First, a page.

As the school year nears, a pair of literacy efforts are continuing their endeavors to help young readers stay on track during summer break. The Bartow County Library System and The Bookmobile: Reading to Go Places! are both currently busy promoting the importance of books with their summer reading programs.

“The purpose of the summer reading program is to keep children reading during the school break so they don’t lose skills they developed in school,” said Valerie Gilreath, executive director of The Bookmobile. “Summer reading regression is so common, it has been coined the ‘summer slide.’ Reading throughout the summer and continuing to practice those skills is the only way to prevent summer slide.”

Gilreath shared studies have reported third- through fifth-graders “lose about 20% of their school year gains in reading” over the summer months.

“This loss is compounded in low-income households where children may not have access to the same types of enrichment activities as children from higher-income households,” she said. “These include travel, museum visits, summer camps. Plus, summer slide is cumulative, so those lost months add up over time.

“Combined over the years, by the time a student reaches middle school, he can lose the equivalent of two years of learning to summer slide. Research shows that reading just six books over the summer will prevent the loss of reading skills and keep kids on track to start school ready to learn new skills.”

Bartow County Library System

Currently, about 1,000 children and teens are engaged in the library’s Youth Summer Reading Program. The offering will be presented through July 30.

“The reading program is a bigger version of what we do all year and that is a way to make time for books and make time for the library,” said Thomas Shalin, Bartow County Library System’s youth services coordinator. “But in summer, we can always do a lot of extra things, like we run the reading program where they can get prizes, where they can get free books. The more free books we can give out, the better.”

With children being on summer break, Shalin underscored the need to “keep using those reading muscles” to build upon what they learned during the school year.

“If you made some progress, you want to stay on task,” he said. “Especially as you get older and especially if you are a struggling reader around third grade, it’s getting very tough because you’re not just learning to read.

“The things you read, you have to use in your assignments. So it’s sort of like — learn to read, read to learn. We just want to keep kids getting excited about books, [and] families just to come together and have somewhere to make time for stories and to bond together and take books home.”

Among those taking part in the Youth Summer Reading Program are Kayla Powell’s two children: Will, 10, and Jessi Marie, 5. While Will enjoys reading Harry Potter books and the “I Survived” series, his sister gravitates toward literary works about unicorns, mermaids, princesses and dancing.

“We live in Georgia and the summers can be brutally hot, so having a local library where my child can stay cool while enjoying different activities and events is a parent-win,” Powell said. “I think we enjoy the variety of events and activities the summer reading program offers. There are so many books to choose from and different things my children can participate in.”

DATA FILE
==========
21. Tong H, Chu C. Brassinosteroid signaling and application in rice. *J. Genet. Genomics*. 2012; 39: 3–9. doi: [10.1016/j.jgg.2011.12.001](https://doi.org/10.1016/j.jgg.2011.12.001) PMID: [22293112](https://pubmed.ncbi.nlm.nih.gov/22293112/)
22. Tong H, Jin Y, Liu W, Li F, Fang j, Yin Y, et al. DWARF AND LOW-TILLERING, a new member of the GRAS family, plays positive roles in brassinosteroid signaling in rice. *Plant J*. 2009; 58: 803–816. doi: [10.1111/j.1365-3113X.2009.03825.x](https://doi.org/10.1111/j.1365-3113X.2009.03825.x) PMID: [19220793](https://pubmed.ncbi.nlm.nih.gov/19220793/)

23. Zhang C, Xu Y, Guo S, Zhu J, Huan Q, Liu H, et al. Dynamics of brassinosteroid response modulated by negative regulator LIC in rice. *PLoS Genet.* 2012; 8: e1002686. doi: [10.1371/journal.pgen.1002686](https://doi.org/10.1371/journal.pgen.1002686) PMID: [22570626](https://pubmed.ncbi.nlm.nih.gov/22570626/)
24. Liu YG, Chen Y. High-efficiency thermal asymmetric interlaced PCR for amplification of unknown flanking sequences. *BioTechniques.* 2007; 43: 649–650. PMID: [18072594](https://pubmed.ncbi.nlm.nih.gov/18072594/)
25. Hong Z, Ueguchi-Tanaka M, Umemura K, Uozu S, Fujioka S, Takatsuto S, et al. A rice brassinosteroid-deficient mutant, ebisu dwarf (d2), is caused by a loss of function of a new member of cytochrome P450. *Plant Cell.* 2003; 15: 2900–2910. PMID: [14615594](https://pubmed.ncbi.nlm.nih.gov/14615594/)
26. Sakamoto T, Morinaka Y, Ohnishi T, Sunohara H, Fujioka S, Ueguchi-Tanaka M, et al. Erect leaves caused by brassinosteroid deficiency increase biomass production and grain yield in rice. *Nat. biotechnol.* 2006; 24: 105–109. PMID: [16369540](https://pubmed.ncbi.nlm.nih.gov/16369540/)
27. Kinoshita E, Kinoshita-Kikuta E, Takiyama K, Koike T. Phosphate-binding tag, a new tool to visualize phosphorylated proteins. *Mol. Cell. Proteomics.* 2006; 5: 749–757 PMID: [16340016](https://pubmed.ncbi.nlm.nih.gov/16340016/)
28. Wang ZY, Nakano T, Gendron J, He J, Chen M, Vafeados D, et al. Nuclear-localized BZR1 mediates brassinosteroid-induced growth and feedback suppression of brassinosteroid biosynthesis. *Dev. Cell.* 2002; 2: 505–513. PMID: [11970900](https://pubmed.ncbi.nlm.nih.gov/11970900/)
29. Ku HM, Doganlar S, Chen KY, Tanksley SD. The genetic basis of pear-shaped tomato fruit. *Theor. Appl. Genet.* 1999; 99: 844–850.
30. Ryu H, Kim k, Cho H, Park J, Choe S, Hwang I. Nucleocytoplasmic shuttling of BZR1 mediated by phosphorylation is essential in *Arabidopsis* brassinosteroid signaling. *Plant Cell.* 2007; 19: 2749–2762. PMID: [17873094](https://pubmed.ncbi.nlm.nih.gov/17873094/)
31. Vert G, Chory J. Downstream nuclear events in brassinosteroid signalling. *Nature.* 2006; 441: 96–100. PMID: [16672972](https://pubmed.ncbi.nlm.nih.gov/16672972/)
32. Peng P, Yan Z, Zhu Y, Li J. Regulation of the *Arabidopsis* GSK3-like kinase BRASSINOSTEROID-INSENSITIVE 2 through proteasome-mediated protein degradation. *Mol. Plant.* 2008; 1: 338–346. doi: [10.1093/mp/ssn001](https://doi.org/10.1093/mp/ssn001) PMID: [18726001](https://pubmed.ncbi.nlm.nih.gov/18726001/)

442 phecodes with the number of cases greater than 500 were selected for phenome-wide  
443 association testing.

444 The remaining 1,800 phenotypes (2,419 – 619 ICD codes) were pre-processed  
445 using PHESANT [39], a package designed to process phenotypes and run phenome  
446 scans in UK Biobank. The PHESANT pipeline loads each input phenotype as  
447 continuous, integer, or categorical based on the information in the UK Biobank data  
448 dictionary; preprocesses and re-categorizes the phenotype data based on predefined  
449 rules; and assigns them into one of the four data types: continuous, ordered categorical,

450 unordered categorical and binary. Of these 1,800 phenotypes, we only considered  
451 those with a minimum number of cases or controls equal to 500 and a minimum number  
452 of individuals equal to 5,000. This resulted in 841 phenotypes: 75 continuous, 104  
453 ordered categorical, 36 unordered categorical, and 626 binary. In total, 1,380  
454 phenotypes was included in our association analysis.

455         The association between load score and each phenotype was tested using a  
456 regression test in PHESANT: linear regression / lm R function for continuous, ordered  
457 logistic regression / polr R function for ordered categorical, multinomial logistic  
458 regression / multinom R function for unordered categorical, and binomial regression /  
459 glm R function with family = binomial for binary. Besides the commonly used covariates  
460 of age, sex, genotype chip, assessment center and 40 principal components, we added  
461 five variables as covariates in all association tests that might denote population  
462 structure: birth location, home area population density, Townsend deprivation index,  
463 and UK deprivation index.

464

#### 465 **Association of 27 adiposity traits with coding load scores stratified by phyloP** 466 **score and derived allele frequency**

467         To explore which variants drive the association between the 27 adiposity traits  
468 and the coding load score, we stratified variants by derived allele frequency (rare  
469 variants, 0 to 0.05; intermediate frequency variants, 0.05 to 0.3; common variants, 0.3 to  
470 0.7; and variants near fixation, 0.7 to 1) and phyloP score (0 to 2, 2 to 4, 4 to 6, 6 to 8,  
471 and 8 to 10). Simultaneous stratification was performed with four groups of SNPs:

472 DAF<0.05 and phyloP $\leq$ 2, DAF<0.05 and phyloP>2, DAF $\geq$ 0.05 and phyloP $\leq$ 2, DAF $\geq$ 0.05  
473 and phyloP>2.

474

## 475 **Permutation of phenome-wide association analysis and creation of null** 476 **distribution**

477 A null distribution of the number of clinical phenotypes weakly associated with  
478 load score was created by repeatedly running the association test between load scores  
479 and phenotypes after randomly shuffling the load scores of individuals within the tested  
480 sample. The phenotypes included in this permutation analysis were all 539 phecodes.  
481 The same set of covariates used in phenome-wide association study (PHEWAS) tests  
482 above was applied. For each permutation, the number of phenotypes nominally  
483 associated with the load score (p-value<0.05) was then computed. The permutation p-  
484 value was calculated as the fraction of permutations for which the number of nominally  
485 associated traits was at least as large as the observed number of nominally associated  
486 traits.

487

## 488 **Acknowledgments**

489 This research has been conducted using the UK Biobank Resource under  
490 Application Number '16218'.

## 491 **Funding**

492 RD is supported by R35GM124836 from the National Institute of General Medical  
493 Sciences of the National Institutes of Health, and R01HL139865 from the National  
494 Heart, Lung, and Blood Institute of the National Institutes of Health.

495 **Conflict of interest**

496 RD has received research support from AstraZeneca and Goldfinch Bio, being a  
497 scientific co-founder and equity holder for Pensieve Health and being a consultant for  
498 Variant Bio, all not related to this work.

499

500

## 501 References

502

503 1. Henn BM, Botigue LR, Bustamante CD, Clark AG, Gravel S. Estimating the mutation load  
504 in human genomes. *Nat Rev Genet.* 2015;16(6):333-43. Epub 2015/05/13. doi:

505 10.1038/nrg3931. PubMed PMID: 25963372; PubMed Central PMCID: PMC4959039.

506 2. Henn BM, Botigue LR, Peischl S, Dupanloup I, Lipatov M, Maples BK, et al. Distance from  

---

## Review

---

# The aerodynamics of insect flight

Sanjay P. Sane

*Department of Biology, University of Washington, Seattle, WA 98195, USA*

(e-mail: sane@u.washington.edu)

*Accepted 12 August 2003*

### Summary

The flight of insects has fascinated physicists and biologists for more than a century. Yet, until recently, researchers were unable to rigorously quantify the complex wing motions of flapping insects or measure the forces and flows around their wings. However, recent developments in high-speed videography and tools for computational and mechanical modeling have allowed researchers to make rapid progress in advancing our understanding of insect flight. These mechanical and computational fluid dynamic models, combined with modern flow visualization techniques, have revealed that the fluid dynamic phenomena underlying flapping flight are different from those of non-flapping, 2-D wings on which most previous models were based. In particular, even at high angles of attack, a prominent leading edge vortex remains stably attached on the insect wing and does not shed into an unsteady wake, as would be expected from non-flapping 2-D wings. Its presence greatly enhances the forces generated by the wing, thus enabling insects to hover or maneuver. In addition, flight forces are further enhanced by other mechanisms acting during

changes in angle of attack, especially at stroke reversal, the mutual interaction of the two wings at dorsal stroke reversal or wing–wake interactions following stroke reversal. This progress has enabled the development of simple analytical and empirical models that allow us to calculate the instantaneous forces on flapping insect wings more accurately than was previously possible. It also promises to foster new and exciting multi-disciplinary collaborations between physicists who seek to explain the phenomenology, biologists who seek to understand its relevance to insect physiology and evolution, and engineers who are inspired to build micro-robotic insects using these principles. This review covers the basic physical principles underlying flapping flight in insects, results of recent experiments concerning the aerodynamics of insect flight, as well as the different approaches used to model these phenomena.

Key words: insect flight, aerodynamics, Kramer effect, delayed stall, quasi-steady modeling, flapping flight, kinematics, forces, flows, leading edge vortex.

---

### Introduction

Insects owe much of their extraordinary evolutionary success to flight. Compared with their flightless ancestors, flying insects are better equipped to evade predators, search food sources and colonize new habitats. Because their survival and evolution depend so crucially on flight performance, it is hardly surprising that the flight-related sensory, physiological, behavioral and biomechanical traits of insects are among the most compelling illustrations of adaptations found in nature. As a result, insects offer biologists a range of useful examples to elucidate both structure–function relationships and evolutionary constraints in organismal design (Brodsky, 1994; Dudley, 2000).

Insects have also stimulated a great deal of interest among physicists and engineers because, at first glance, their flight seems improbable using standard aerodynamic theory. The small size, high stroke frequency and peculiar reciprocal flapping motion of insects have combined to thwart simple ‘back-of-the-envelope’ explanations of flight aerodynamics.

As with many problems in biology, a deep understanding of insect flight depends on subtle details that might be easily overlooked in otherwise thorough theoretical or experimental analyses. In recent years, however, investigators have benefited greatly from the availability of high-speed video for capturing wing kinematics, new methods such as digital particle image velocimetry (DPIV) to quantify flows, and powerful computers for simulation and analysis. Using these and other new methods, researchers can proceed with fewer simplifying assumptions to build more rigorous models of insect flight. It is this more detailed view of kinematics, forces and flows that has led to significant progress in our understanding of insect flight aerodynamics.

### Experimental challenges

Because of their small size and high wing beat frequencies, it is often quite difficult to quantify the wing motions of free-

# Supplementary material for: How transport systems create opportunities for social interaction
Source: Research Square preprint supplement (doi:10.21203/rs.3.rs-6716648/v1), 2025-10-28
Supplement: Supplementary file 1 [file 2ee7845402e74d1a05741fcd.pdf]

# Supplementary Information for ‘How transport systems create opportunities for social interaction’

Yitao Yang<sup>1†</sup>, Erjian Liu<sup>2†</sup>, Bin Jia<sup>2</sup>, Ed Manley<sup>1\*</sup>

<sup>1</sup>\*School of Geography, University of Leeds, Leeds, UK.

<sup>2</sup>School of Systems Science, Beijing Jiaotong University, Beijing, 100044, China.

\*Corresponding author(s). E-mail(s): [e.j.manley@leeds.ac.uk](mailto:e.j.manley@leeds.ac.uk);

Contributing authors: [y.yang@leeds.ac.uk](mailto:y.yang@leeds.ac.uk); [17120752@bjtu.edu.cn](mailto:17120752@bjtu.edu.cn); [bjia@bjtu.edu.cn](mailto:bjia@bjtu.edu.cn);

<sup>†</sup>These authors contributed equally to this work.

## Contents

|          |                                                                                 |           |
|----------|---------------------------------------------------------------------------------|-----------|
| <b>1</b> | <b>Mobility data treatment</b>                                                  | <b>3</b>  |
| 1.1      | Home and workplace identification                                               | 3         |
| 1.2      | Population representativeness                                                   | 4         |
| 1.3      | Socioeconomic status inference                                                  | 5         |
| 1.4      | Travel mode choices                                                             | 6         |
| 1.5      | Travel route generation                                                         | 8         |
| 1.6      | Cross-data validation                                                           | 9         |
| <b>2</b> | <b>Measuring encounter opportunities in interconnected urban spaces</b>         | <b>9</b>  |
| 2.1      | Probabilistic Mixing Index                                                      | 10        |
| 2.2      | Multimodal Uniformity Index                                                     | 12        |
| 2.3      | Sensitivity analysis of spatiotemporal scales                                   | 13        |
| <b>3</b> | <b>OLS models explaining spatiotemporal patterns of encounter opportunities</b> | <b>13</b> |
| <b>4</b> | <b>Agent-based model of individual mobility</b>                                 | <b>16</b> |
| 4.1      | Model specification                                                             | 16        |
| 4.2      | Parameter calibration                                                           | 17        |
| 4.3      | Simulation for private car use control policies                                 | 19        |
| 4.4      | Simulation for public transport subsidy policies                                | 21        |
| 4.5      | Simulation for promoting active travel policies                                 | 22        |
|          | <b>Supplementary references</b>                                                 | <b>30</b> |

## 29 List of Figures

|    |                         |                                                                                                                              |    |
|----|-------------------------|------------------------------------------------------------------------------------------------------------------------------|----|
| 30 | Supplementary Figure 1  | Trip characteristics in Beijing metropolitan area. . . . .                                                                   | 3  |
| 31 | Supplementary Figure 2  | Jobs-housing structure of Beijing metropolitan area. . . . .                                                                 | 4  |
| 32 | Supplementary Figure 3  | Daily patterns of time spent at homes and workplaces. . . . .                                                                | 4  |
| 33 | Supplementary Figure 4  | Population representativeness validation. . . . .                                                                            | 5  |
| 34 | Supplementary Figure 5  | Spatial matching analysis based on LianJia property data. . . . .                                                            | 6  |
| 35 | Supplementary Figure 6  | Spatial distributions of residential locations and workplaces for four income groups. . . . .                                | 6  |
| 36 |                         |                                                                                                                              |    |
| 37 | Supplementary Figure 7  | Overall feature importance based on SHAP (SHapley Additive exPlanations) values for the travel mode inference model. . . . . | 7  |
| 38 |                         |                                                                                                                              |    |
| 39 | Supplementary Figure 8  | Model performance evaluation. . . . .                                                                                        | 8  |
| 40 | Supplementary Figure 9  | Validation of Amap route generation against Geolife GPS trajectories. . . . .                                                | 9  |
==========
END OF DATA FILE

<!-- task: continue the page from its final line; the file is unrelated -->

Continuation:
The Emerson resident credits her great-aunt, Judy Kelley, for her passion for reading — which she now has passed down to her children. During childhood, she and “Aunt Judy” embarked on various adventures to places, such as the local rodeo, museums and “most importantly” — the library.

“As a retired teacher, my ‘Aunt Judy’ valued education,” Powell said. “She took me to many library events, including the summer reading program yearly. This is why I have a love for books today. Now as a mother, I ensure my children can not only have a proper education, but can learn about their own interests, whatever that may be, by surrounding them with books.

“The library programs allow my children to be surrounded by books and different people. For example, going to a story-time event means exposing my children to different cultures, backgrounds and ideas through meeting new people.”

For Will — a rising fifth-grader at Emerson Elementary School — reading and the library’s summer offering has many benefits.

“I can read when it is too hot or rainy outside,” he said, adding he is able to “see other people and friends by going to the programs at the library.”

On July 11, Powell’s children visited the Cartersville Public Library to search for new book titles that sparked their interest. Some of the books in their pile included “J.K. Rowling’s Wizarding World: Movie Magic,” “Really, Really Big Questions,” “I Survived: Hurricane Katrina, 2005,” “Puppies, Puppies Everywhere,” “The Kindness Quilt” and “History of Unicorns.”

“I am currently a teacher at West Windsor Academy at Governors Towne Club in Acworth, Georgia,” Powell said. “As a teacher, I have seen the difference in kids who read with their loved ones — increased cognitive development and understanding as well as the strength of their personal relationships. I see how young children love story time and reading.

“It is important however to continue encouraging these traits as children grow older. I myself love to read and participate in library programs, such as a monthly Book Chat and the Adult Summer Reading Program. I not only participate for myself but try to set an example to my own children and students. Reading is vitally important.”

Those interested in their children participating in the Youth Summer Reading Program can obtain forms and information online at by clicking the “What We Offer” tab. These materials also are available at the system’s libraries in Adairsville, Cartersville and Euharlee.